08 May 2007
10 Coves of Death
In 2002, I swam the 5 Coves of Death for the first time. 5 Coves of Death is held every year on the 5th of May at 5 p.m. It is the qualifying swim for the Bay to Breakers swim (Bay Bridge to Ocean Beach) held later in the month. Each "cove" is about one mile.
On my 5th time around in 2002, I saw Elizabeth Leahy swim behind the Balclutha for the 10th time in completing her 10 Coves of Death. Her pilot told me that she was training for the English Channel. At that moment I knew that they year I swam the English Channel, I would swim 10 Coves of Death. At that time, I didn't know when that would be.
Elizabeth swam the English Channel later that summer. Last Sunday I swam 10 Coves of Death in 4 hours and 11 minutes.
It is a difficult swim. You are with the tide sometimes, against it at other times. It is not a swim that is planned with ideal tide conditions in mind. Legend has it that for it to be a true "cove of death" that you are required to take a shot of tequila each time around. I have never done that. For me what makes it a cove of death is going behind the large historical ships of Aquatic Park. This year those include the Balclutha, Eppleton Hall and our new neighbor, the Thayer.
Alice, Amber and I started at 3 p.m. so that we would be able to finish with the rest of the pack at about 7. Alice was in a kayak and would be in charge of my feedings. Amber was swimming, but quickly got ahead and maintained her lead for the rest of the swim.
The water temperature was 54 degrees. It felt much better than it did a few weeks ago, but 54 is still not warm. The cove was full of cold spots that felt like they were 50 degrees.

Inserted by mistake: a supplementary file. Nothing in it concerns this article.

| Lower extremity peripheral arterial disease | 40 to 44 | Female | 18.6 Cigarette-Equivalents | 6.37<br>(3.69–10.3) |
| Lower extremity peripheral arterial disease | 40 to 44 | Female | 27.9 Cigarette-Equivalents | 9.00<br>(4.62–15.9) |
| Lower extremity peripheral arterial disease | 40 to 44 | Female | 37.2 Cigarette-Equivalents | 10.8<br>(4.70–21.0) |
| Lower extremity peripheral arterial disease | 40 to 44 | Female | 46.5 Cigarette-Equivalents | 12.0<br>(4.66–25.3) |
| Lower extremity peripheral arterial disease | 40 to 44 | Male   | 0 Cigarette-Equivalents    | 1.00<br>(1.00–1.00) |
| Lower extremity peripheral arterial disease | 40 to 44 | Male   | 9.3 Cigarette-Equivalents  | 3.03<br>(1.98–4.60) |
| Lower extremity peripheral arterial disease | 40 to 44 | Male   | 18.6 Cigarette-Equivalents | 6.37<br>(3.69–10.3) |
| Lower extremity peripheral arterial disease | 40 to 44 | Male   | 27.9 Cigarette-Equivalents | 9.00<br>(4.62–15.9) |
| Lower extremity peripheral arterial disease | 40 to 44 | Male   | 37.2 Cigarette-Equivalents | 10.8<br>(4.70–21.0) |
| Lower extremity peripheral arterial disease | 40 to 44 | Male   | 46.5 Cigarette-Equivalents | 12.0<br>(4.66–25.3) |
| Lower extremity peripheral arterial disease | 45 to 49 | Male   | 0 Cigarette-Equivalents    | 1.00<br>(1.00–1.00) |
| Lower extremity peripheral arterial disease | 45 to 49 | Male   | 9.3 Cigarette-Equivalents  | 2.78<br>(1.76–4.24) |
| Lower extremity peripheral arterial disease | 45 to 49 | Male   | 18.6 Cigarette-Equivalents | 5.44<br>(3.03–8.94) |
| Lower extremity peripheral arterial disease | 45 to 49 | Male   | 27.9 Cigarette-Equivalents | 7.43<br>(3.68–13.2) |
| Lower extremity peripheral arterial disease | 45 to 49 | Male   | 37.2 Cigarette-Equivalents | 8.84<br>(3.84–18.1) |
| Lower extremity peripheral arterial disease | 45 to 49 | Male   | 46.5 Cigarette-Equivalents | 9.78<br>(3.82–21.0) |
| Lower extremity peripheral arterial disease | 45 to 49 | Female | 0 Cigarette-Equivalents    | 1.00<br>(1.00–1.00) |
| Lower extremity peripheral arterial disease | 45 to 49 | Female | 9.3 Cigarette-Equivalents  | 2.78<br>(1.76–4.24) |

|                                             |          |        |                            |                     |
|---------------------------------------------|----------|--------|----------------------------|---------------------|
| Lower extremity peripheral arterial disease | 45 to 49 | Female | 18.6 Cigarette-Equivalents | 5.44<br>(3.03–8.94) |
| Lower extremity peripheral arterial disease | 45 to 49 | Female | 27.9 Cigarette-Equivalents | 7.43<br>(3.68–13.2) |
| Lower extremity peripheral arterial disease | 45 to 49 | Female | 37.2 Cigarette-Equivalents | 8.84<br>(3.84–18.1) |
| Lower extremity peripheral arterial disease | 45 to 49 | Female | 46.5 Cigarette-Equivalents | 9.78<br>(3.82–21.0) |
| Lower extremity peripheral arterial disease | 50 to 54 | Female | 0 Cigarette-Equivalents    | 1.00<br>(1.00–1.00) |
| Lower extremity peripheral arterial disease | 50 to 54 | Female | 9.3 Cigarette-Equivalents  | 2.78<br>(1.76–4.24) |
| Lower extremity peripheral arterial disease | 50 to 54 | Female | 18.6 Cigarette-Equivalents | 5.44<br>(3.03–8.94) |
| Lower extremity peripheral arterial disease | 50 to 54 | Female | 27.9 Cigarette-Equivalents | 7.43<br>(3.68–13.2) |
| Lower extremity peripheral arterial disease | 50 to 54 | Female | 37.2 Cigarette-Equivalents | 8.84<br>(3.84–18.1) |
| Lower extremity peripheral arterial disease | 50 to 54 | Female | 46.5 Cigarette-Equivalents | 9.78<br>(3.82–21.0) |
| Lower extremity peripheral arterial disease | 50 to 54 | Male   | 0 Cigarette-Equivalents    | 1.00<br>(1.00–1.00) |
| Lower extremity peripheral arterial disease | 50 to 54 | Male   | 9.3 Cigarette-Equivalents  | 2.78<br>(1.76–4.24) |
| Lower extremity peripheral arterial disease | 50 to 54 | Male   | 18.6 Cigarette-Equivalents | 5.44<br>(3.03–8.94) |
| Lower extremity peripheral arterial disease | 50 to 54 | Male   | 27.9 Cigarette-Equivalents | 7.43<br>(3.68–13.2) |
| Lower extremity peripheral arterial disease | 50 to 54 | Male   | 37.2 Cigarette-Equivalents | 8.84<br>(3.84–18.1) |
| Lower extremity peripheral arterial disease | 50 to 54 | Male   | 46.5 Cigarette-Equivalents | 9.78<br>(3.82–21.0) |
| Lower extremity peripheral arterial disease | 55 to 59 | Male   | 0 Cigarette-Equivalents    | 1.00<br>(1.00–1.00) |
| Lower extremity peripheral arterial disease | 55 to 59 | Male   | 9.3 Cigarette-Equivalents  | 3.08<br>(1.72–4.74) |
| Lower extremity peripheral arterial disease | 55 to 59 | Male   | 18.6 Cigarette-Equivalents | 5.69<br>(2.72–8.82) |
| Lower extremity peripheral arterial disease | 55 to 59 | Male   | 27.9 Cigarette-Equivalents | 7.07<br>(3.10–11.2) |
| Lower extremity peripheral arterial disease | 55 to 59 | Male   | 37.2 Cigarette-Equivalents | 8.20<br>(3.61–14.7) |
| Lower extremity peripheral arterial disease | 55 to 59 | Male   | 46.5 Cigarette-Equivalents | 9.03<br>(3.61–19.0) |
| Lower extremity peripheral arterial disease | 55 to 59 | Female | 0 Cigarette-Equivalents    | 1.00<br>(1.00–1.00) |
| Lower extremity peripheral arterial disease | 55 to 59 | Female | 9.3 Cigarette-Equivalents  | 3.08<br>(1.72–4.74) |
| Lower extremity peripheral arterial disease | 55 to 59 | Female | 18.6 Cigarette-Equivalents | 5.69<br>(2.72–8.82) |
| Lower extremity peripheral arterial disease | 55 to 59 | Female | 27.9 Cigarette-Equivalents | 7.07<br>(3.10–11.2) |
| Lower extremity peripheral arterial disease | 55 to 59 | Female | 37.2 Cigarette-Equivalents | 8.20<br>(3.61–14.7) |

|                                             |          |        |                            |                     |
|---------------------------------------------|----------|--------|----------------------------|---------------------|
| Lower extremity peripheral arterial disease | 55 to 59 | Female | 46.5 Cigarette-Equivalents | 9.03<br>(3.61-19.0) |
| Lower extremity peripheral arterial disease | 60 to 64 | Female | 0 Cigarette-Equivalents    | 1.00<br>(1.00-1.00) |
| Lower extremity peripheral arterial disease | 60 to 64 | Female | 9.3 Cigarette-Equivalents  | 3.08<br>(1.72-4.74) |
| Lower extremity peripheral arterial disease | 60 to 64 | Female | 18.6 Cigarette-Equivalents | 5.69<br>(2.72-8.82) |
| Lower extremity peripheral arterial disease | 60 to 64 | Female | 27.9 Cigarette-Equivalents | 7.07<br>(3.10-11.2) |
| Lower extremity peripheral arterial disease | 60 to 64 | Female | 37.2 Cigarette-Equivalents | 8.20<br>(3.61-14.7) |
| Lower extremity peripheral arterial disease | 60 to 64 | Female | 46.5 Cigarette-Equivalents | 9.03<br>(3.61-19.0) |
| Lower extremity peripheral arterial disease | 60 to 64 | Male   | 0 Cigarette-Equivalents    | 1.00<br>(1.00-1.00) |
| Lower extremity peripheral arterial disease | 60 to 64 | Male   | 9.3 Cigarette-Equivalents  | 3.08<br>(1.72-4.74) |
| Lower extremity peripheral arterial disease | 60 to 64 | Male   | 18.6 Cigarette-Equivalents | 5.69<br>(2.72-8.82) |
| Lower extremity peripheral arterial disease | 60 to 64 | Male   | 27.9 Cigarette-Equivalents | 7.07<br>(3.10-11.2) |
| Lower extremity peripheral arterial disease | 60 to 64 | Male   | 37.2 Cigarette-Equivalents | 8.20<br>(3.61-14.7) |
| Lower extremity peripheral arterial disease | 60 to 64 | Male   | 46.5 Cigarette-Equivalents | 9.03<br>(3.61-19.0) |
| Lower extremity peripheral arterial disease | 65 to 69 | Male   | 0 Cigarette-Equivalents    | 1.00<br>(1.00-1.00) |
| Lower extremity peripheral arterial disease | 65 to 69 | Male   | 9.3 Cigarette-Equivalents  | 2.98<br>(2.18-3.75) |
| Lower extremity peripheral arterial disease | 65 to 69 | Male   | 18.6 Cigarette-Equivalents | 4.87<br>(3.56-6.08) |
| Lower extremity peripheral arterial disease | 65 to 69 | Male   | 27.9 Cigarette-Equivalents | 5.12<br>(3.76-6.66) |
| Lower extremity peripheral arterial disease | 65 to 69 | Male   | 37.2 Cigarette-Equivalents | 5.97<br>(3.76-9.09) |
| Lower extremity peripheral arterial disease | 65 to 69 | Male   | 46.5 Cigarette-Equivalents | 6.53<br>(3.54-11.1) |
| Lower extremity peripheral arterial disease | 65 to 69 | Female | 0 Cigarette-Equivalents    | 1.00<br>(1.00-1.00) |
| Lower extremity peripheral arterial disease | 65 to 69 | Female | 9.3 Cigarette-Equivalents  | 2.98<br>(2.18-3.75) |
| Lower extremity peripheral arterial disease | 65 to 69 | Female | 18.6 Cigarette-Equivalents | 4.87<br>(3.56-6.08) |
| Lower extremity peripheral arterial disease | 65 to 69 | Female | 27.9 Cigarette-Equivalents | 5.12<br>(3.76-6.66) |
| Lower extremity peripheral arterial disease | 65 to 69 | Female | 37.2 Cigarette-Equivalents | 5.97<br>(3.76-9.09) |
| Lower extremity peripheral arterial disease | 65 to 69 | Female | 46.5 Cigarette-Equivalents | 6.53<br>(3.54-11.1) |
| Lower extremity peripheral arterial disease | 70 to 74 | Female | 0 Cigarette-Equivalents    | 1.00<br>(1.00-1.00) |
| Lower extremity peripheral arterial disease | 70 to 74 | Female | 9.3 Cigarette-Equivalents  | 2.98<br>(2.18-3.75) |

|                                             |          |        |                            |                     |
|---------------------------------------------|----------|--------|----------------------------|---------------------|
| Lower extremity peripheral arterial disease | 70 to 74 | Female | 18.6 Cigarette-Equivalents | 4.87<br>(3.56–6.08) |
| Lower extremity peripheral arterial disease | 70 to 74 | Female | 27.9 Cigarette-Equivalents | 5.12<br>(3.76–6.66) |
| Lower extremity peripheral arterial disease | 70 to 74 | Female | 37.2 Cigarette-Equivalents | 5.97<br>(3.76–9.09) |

The swim was uneventful from a swimmer's perspective, but Alice told me later that on 6 of my 10 times around she spotted a HUGE sea lion between the goal posts and the repair. Once she changed direction so quickly to avoid a seal that she paddled my leg. Alice did a great job maintaining a calm presence in the kayak while I just kept on swimming.
When I finished my 5th cove, the rest of the swimmers were just starting. It gave me energy to see South Enders cheering from our dock as I came around for coves 6-10. Cove #6 I swam alone while Alice walked on the beach to stretch her back. She was back in the kayak for coves #7 and #8. At the beginning of #9, Alice gave the kayak to Marta and went in to change into her suit. With one and half coves left, Alice swam out to Marta and me to finish up the swim. Just like in San Diego, it was great to have Alice swim next to me as we finished #9 and headed into #10. My stroke rate stayed the same throughout (74 strokes/minute) and although I was tired at the end, I recovered quickly. I only felt cold in the real cold spots but Marta told me my skin looked purple, which is a sign of hypothermia.
I socialized on the beach at the finish, not even feeling the urge to rush to the shower and sauna. I walked past the party on the patio at South End and looked forward to a great dinner.
The fatigue and exhaustion from 6 hours on the 28th and 4 hours on the 5th is starting to wear on me. I have been having trouble sleeping, yet my body desperately wants to rest.
Thank you to Amber for being a part of the 10 coves.
Thank you to Marta for turning disappointment into teamwork!
Thank you to Alice for kayaking, feeding me, counting my strokes and finding a way to swim where she can match me stroke for stroke after I have been swimming for 4 hours.